Laurie Penny is a contributing editor to the New Statesman. She is the author of five books, most recently Unspeakable Things.
It’s easy to criticise call-out culture. It’s harder to look into your own heart and ask if you can do better.
Don't let the bastards get you down – choose action over despondency when coming to terms with the general election result.
Not voting isn't passive, but it only works if politicians care what you think. To be counted, you have to step into the ballot box - if only to register your disgust.
After Felix Salmon warned aspiring journalists that a world of woe awaits them, NS columnist Laurie Penny has some more cheery advice.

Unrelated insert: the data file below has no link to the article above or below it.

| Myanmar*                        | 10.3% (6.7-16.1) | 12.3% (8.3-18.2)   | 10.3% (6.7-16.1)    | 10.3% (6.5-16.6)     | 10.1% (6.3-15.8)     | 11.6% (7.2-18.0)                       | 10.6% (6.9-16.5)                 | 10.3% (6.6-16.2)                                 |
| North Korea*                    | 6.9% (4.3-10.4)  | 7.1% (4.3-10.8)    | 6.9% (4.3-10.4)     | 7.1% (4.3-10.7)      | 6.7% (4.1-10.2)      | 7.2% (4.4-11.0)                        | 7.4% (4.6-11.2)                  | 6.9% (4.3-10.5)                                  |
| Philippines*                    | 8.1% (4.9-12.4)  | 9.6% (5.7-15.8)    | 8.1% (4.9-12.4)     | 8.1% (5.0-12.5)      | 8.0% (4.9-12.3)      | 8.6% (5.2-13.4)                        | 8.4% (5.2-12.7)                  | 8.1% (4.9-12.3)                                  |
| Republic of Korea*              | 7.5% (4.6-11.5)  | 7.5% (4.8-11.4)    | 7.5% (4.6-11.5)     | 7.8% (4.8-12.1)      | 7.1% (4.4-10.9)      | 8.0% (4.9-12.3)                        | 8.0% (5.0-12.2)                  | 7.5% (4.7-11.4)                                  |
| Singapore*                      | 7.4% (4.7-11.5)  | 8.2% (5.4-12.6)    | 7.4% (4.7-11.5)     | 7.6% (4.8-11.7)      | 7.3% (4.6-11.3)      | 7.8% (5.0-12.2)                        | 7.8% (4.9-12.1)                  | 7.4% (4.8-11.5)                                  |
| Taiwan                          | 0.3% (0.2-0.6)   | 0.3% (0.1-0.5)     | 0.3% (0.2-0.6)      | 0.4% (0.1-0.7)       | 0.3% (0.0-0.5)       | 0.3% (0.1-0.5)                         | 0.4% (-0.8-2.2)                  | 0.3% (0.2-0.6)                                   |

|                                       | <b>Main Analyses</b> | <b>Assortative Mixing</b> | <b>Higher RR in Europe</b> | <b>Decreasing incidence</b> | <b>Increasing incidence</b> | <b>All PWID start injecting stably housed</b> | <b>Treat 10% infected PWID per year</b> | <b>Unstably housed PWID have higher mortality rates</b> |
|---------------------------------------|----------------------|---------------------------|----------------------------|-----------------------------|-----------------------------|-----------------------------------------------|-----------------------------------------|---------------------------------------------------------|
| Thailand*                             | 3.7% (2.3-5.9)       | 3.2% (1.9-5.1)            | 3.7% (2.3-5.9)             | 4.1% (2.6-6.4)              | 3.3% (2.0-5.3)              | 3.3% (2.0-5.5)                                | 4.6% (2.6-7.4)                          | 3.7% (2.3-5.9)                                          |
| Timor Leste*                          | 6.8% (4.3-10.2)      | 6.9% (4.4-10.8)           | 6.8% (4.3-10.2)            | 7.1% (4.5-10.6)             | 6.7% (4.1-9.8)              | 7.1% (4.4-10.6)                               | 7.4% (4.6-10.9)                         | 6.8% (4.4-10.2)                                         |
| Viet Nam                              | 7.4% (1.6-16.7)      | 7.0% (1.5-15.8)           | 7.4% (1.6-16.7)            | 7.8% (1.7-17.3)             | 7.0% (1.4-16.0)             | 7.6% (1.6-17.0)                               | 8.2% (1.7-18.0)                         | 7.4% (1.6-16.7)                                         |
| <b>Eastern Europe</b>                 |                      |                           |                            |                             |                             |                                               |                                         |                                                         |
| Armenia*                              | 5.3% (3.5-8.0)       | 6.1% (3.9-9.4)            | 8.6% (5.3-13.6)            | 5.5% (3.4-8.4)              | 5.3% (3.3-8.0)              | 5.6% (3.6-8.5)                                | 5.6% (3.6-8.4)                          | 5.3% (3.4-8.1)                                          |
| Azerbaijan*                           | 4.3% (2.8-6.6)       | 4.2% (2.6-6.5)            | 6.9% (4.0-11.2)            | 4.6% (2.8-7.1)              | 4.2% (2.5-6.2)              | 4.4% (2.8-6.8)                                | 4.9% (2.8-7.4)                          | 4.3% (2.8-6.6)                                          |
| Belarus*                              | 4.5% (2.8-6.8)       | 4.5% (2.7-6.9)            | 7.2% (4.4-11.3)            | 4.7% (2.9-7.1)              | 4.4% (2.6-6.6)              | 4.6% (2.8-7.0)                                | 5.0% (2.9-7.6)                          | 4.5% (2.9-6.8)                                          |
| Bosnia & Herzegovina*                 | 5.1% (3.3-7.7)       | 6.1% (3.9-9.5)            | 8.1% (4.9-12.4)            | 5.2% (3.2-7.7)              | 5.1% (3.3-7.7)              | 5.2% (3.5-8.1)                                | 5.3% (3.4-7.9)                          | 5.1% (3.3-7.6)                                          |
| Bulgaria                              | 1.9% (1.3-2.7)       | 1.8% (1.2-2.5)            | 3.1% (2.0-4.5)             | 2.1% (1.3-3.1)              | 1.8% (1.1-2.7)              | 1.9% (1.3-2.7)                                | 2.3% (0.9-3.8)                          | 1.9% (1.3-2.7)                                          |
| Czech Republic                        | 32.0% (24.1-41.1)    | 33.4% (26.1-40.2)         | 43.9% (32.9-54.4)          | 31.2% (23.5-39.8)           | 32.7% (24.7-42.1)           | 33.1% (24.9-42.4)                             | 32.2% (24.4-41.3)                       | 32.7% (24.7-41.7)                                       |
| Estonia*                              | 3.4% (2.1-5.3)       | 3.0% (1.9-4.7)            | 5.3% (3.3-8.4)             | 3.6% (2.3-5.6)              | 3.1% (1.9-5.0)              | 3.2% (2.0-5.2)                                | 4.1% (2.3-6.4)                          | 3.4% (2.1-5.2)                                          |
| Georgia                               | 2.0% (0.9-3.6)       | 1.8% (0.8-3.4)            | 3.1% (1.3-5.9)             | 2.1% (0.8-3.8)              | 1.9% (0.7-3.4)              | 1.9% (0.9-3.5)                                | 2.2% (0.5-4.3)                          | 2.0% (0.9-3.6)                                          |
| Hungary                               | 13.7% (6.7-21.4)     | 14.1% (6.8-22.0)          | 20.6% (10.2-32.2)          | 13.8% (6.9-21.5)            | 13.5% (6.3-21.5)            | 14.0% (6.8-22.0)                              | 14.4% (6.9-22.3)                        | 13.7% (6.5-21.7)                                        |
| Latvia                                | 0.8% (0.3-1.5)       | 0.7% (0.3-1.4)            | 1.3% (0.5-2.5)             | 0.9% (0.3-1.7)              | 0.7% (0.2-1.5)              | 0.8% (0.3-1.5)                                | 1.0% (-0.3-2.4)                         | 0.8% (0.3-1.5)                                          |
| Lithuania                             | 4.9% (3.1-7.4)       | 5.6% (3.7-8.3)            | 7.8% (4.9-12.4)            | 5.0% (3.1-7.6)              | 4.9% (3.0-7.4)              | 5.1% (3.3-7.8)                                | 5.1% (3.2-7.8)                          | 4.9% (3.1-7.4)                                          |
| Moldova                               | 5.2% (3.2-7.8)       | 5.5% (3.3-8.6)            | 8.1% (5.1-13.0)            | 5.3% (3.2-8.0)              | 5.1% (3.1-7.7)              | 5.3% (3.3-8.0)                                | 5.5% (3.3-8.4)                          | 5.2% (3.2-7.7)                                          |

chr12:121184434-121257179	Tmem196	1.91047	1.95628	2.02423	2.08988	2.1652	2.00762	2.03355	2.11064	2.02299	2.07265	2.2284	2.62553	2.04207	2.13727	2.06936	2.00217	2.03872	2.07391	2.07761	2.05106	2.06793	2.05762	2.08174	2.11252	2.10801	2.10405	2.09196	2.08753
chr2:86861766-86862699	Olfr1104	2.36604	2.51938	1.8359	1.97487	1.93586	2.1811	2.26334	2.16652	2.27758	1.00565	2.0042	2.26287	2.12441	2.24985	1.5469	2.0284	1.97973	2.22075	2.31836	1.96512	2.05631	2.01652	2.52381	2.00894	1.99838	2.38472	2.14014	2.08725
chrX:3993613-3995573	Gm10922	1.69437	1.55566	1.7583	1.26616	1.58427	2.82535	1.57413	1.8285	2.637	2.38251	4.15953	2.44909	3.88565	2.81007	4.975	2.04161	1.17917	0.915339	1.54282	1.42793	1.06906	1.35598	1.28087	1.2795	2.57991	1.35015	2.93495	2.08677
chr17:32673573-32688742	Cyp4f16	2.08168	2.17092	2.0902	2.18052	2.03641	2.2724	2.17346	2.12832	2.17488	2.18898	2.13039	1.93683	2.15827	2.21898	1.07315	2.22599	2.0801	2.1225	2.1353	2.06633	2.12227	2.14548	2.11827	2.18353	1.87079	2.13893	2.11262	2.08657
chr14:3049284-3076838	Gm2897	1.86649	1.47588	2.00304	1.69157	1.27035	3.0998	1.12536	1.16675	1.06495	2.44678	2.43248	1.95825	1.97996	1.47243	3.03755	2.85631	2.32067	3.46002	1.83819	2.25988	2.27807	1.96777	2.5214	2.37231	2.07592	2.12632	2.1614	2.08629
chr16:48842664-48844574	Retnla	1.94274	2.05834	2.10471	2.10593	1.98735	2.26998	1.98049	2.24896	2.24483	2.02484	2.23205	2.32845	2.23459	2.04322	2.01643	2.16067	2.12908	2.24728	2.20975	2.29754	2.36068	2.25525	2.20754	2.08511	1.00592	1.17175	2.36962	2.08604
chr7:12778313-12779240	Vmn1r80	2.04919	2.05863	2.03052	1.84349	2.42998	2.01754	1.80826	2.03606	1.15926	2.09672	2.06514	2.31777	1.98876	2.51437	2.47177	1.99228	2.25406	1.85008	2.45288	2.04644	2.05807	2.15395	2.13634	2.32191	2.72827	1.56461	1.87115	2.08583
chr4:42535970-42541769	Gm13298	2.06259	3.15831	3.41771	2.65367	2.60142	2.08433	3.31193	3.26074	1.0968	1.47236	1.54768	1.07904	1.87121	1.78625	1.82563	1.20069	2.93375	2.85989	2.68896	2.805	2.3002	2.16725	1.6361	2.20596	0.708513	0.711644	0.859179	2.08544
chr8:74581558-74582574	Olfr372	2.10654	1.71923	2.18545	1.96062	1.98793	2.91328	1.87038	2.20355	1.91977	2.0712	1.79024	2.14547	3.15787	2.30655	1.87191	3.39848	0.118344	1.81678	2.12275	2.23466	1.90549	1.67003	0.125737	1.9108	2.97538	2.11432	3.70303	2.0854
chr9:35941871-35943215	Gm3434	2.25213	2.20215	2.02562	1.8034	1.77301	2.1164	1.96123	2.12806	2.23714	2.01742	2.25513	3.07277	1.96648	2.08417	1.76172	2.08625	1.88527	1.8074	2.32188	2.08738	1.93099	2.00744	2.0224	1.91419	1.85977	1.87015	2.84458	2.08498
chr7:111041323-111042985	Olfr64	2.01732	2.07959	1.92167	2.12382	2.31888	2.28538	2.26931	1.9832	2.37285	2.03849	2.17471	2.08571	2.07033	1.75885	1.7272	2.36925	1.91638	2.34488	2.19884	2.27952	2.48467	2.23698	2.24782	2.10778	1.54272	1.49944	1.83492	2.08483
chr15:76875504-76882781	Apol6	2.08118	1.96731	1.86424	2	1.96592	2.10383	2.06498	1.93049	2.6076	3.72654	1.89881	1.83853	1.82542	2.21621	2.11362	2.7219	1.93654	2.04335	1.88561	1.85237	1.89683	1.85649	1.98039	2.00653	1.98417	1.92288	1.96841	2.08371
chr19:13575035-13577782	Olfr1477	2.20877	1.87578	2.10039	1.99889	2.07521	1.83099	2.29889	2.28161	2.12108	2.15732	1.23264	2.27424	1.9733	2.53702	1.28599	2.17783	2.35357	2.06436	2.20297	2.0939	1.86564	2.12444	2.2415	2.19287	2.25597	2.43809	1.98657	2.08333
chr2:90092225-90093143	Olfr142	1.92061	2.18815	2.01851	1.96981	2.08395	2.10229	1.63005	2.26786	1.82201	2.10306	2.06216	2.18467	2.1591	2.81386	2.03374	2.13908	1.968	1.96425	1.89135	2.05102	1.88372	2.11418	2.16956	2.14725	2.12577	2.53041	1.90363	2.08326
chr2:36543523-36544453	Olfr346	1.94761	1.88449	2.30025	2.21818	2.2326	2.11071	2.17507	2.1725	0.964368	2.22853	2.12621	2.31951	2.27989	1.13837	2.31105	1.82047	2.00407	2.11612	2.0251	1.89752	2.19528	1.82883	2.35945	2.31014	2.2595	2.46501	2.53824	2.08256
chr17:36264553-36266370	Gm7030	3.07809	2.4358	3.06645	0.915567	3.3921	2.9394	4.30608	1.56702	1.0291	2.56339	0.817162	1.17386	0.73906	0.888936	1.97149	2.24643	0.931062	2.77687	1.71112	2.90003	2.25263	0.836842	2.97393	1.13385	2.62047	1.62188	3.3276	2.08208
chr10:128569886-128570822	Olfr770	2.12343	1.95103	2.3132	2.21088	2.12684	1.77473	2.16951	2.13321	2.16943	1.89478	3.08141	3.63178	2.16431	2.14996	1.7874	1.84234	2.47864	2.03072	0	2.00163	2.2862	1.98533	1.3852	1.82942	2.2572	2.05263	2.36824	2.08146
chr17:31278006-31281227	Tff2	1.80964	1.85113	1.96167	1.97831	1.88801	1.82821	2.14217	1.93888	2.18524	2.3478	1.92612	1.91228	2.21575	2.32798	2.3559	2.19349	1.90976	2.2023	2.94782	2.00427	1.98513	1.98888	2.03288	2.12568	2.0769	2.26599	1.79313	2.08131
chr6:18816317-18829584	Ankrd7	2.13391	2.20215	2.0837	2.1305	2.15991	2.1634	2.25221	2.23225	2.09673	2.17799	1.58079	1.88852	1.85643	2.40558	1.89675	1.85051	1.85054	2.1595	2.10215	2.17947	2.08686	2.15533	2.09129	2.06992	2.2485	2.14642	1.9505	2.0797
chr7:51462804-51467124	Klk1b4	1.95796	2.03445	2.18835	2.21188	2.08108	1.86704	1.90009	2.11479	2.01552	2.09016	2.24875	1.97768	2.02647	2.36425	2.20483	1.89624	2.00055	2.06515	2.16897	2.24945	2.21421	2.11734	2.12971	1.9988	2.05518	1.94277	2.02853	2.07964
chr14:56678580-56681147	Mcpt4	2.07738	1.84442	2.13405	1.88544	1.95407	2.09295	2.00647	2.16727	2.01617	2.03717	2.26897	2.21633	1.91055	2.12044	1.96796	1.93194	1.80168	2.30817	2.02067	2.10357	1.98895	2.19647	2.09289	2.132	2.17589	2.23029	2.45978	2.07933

White male nerds need to recognise that other people had traumatic upbringings, too - and that's different from structural oppression.
I grew up in Lewes. I know this town. The Bonfire Parade has always been exactly this problematic. The surprising thing is that people are only just noticing.
What is happening in Ferguson is about more than Michael Brown and his family. It’s a shadow play of a national crisis in race relations and class repression.
“White knight” and “beta male” are the most common slurs flung at feminist allies – usually by retro sexists who still think feminism is all about poor confused chaps getting shouted at whenever they hold open a door for a woman.
On the centenary of the First World War, we must remember that millions who died had little idea what they were signing up for – nor how their deaths would be treated 100 years later.
The reason I’m so excited David Mitchell is writing on Twitter is that he’s one of the few authors who really understands how the medium, as well as the message, makes the story.
The Zombie PM